I say good-bye to Shanice and then head over to Stormy’s with my Easter egg. She answers the door in a persimmon-colored kimono and lipstick to match and cries out, “Lara Jean!” After she sweeps me into a hug, she frets, “You’re looking at my roots, aren’t you? I know I need to dye my hair.”
“You can barely tell,” I assure her.
She’s very excited about her Marie Antoinette egg; she says she can’t wait to show it off to Alicia Ito, her friend and rival. “Did you bring one for Alicia, too?” she demands.
“Just you,” I tell her, and her pale eyes gleam.
We sit on her couch, and she wags her finger at me and says, “You must be completely moonstruck over your young man since you’ve barely had time to visit with me.”
Contritely I say, “I’m sorry. I’ll come visit more now that college applications are in.”
The best way to deal with Stormy when she’s like this is to charm and cajole her. “I’m only doing what you told me, Stormy.”
She cocks her head to the side. “What did I tell you?”
“You said to go on lots of dates and lots of adventures, just like you did.”
She purses her orangey-red lips, trying not to smile. “Well, that was very good advice I gave you. You just keep listening to Stormy, and you’ll be right as rain. Now, tell me something juicy.”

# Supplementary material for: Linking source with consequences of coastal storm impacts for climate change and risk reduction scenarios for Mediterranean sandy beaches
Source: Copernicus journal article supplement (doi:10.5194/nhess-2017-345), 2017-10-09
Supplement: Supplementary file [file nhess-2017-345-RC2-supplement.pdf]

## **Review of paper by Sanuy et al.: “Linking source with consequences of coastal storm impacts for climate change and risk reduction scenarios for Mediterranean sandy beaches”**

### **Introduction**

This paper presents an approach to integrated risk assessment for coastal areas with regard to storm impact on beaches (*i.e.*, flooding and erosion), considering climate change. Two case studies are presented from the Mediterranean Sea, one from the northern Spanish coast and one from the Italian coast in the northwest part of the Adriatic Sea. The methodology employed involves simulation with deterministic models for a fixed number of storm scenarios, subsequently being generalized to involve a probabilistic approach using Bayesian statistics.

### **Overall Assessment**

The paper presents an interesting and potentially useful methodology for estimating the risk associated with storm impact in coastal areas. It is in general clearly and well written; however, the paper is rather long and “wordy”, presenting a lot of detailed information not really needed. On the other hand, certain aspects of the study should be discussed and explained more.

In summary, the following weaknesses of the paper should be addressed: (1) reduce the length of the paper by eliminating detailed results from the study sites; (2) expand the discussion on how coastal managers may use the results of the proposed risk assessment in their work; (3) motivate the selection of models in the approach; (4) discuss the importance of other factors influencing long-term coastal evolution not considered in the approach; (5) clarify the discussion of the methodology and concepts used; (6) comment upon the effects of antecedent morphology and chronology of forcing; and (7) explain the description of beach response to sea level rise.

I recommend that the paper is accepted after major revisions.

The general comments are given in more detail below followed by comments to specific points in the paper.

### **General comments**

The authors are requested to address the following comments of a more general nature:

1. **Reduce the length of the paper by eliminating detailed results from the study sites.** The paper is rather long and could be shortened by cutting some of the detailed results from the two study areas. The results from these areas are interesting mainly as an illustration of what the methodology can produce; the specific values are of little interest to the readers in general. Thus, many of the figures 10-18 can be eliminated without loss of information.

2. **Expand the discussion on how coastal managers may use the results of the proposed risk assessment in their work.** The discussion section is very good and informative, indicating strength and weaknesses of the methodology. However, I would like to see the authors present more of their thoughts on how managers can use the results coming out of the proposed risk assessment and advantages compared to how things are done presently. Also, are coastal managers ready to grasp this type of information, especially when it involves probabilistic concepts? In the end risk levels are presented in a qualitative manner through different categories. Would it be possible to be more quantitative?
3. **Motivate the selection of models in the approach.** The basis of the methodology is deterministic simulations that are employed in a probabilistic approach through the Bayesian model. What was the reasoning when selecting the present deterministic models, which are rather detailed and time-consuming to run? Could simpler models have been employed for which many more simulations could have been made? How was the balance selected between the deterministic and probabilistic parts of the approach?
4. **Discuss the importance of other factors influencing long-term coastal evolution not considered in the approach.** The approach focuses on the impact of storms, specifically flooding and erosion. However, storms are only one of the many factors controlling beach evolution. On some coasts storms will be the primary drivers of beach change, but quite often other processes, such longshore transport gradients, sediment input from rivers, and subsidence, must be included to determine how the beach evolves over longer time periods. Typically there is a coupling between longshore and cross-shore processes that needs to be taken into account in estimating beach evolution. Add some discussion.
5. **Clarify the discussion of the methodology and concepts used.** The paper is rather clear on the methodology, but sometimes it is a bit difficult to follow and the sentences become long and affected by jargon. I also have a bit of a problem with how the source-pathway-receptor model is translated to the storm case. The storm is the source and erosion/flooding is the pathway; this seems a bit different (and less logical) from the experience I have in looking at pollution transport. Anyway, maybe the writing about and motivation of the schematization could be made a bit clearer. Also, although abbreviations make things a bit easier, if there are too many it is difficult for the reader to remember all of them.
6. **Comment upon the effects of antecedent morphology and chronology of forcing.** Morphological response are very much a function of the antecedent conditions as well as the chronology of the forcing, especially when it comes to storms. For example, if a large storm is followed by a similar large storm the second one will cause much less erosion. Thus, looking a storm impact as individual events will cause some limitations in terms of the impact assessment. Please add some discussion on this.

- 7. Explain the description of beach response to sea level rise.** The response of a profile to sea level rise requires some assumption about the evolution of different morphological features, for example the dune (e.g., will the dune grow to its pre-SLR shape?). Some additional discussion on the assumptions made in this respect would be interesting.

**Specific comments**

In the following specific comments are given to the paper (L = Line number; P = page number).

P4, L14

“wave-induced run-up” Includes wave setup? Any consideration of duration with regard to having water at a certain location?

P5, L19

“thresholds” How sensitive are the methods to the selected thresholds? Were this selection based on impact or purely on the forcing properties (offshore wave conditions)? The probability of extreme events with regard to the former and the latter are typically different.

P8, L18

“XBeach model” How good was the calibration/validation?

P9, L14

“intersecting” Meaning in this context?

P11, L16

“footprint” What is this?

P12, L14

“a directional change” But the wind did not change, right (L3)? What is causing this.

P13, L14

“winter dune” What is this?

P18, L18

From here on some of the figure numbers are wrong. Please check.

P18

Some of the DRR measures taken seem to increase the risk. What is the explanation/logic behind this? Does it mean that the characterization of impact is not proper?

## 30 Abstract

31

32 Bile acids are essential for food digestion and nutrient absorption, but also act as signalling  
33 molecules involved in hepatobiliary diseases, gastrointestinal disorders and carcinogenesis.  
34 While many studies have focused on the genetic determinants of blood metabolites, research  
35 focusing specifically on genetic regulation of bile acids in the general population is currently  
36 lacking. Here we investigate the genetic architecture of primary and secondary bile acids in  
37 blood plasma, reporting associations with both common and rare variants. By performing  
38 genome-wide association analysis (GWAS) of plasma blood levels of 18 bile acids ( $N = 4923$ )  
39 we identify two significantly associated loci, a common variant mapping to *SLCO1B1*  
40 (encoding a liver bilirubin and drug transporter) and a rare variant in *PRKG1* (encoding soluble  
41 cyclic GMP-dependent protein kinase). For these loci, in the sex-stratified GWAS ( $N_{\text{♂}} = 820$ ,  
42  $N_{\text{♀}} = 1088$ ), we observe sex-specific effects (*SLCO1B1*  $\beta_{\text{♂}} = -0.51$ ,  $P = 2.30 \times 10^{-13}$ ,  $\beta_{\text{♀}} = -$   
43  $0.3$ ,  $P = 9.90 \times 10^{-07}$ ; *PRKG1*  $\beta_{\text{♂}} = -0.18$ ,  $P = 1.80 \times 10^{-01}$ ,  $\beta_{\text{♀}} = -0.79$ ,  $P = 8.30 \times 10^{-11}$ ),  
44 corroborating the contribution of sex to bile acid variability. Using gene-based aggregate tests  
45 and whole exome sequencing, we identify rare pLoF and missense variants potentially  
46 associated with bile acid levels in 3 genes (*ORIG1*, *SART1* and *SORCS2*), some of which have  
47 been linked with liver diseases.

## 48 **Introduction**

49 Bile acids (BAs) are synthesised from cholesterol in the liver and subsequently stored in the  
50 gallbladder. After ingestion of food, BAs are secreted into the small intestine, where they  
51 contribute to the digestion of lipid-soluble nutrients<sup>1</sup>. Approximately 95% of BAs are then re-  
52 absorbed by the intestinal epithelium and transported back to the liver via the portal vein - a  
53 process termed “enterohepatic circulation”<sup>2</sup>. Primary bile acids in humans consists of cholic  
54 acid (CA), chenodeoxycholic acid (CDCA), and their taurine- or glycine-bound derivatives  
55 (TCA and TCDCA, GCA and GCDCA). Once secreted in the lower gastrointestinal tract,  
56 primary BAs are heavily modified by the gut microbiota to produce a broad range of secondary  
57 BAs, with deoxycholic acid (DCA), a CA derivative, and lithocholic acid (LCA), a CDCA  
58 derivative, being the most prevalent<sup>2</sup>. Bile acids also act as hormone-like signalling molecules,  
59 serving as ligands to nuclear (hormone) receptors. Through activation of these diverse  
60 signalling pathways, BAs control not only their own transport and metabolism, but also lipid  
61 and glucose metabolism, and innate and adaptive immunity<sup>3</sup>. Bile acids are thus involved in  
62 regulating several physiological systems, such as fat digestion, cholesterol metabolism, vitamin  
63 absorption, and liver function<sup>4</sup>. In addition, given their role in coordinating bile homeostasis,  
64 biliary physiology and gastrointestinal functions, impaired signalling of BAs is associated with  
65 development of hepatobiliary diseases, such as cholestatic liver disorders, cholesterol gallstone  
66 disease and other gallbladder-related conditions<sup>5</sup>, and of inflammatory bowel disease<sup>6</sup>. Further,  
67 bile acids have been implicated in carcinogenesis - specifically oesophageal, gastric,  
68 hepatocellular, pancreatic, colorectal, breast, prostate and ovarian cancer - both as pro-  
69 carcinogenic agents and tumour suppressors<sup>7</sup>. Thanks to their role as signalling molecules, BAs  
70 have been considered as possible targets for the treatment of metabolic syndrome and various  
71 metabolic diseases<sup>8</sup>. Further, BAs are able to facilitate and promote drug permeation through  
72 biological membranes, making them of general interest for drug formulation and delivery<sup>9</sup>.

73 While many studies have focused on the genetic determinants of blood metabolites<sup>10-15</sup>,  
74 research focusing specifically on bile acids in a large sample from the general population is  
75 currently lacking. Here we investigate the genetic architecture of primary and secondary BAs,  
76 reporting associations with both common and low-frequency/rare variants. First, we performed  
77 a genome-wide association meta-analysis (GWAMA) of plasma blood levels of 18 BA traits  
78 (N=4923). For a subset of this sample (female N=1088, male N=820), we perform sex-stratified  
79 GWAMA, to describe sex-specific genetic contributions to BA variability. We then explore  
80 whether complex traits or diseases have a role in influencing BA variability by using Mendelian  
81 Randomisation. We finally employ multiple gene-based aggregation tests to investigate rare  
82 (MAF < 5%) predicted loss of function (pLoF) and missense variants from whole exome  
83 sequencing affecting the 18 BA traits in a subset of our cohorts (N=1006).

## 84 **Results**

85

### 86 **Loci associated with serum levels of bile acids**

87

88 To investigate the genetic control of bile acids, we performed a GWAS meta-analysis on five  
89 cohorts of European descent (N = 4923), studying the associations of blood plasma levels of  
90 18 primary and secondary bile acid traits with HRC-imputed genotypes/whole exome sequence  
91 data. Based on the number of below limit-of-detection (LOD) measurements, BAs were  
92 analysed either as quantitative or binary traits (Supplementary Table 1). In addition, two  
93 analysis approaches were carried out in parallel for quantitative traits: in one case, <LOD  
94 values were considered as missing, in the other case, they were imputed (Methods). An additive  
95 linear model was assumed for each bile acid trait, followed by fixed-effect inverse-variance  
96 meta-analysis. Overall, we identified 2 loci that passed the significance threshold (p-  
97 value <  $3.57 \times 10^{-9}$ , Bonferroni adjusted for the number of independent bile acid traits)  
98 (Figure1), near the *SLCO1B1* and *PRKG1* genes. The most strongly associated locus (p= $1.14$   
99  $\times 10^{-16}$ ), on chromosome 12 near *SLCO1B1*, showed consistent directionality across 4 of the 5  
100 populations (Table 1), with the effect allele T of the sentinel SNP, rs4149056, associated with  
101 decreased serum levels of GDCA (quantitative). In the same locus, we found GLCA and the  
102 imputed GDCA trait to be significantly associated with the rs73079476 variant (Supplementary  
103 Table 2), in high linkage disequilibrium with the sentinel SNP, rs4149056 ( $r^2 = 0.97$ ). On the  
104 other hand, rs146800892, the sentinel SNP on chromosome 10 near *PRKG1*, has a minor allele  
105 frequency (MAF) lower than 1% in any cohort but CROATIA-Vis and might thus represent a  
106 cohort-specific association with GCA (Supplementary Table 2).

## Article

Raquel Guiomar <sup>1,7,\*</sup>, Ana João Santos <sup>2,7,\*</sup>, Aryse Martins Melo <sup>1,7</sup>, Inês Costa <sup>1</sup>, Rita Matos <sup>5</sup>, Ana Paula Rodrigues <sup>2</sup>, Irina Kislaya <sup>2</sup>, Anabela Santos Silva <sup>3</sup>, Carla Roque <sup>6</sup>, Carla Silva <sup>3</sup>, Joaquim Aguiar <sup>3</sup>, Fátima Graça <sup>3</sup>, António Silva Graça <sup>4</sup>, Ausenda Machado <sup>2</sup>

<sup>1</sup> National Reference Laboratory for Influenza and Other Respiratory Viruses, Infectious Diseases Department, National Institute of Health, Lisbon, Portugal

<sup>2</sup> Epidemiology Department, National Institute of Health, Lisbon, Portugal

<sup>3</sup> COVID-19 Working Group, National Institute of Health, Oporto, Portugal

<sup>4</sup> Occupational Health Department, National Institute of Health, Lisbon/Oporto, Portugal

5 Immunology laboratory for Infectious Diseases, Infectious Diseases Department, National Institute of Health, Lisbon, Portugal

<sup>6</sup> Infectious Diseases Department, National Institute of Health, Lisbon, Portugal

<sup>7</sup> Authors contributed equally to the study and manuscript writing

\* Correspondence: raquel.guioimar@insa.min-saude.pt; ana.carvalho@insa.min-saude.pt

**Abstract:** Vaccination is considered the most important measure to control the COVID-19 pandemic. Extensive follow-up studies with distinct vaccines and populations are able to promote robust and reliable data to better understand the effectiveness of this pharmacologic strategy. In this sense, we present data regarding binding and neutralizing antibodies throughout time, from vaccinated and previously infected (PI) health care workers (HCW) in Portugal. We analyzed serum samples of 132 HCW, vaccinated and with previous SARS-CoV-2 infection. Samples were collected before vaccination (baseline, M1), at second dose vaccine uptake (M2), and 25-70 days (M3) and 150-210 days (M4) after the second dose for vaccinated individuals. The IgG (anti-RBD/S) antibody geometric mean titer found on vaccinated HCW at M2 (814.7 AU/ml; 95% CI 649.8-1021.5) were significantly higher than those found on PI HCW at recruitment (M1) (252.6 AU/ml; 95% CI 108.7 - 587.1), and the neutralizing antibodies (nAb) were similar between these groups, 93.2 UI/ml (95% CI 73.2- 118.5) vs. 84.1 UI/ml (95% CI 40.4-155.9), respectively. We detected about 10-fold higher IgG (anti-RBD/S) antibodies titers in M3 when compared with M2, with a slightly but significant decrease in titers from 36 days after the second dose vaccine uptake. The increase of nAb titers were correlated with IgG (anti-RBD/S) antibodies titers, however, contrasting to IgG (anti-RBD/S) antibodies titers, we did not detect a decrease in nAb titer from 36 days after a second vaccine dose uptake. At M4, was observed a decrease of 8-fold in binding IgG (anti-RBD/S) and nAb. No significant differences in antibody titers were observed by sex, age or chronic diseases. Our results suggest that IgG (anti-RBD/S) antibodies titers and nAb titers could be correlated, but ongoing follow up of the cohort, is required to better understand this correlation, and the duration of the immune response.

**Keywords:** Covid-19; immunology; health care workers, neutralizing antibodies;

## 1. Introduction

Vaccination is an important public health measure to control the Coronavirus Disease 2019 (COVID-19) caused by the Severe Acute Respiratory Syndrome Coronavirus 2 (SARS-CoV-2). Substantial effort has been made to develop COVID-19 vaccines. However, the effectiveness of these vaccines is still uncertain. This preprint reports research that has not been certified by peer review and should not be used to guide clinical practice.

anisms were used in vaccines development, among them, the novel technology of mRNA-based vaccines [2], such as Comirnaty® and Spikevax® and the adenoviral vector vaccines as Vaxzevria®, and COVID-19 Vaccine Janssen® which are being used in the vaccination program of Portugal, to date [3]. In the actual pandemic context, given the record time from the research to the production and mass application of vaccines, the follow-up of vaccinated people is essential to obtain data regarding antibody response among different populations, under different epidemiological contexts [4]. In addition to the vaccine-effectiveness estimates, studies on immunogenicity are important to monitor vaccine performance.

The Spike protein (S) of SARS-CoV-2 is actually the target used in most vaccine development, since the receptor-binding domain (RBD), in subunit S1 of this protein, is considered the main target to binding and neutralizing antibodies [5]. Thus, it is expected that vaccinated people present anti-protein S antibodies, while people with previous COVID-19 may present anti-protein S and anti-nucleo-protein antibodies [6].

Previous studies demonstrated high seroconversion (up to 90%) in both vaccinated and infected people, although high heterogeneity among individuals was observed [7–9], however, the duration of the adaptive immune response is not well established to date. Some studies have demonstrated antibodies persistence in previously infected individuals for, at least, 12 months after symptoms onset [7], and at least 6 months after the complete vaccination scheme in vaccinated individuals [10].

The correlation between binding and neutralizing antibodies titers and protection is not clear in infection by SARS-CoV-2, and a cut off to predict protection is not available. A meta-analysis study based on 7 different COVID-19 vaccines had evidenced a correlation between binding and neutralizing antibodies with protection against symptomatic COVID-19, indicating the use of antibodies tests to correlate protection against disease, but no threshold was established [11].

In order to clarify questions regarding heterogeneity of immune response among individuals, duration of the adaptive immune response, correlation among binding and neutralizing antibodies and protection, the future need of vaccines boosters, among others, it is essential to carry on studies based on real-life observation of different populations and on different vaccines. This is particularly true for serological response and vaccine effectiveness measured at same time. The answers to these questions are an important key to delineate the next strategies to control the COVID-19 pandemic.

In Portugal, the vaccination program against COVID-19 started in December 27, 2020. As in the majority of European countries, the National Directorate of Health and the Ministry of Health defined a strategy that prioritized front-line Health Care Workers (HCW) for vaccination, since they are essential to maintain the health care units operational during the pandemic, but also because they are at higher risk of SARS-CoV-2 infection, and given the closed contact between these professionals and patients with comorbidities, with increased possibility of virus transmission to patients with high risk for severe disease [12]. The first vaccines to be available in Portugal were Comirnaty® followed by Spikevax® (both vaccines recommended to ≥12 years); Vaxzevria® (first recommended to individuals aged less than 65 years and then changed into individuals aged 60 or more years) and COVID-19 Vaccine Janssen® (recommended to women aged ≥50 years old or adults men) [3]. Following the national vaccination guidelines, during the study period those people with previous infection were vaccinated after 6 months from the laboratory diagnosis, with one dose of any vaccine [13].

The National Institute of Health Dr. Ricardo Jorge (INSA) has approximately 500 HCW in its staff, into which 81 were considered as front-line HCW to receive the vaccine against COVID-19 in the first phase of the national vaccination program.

I laugh. “My life isn’t that juicy.”
She tsks me. “Don’t you have any dances coming up? When’s prom?”
“Not till May.”
“Well, do you have a dress?”
“You’d better get a move on it. You don’t want some other girl wearing your dress, dear.” She studies my face. “With your complexion, I think you ought to wear pink.” Then her eyes light up and she snaps her fingers. “That reminds me! There’s something I want to give you.” Stormy hops up and goes to her bedroom and she returns with a heavy velvet ring box.
I open the box and let out a gasp. It’s her pink diamond ring! The one from the veteran who lost his leg in the war. “Stormy, I can’t accept this.”
“Oh, but you will. You’re just the girl to wear it.”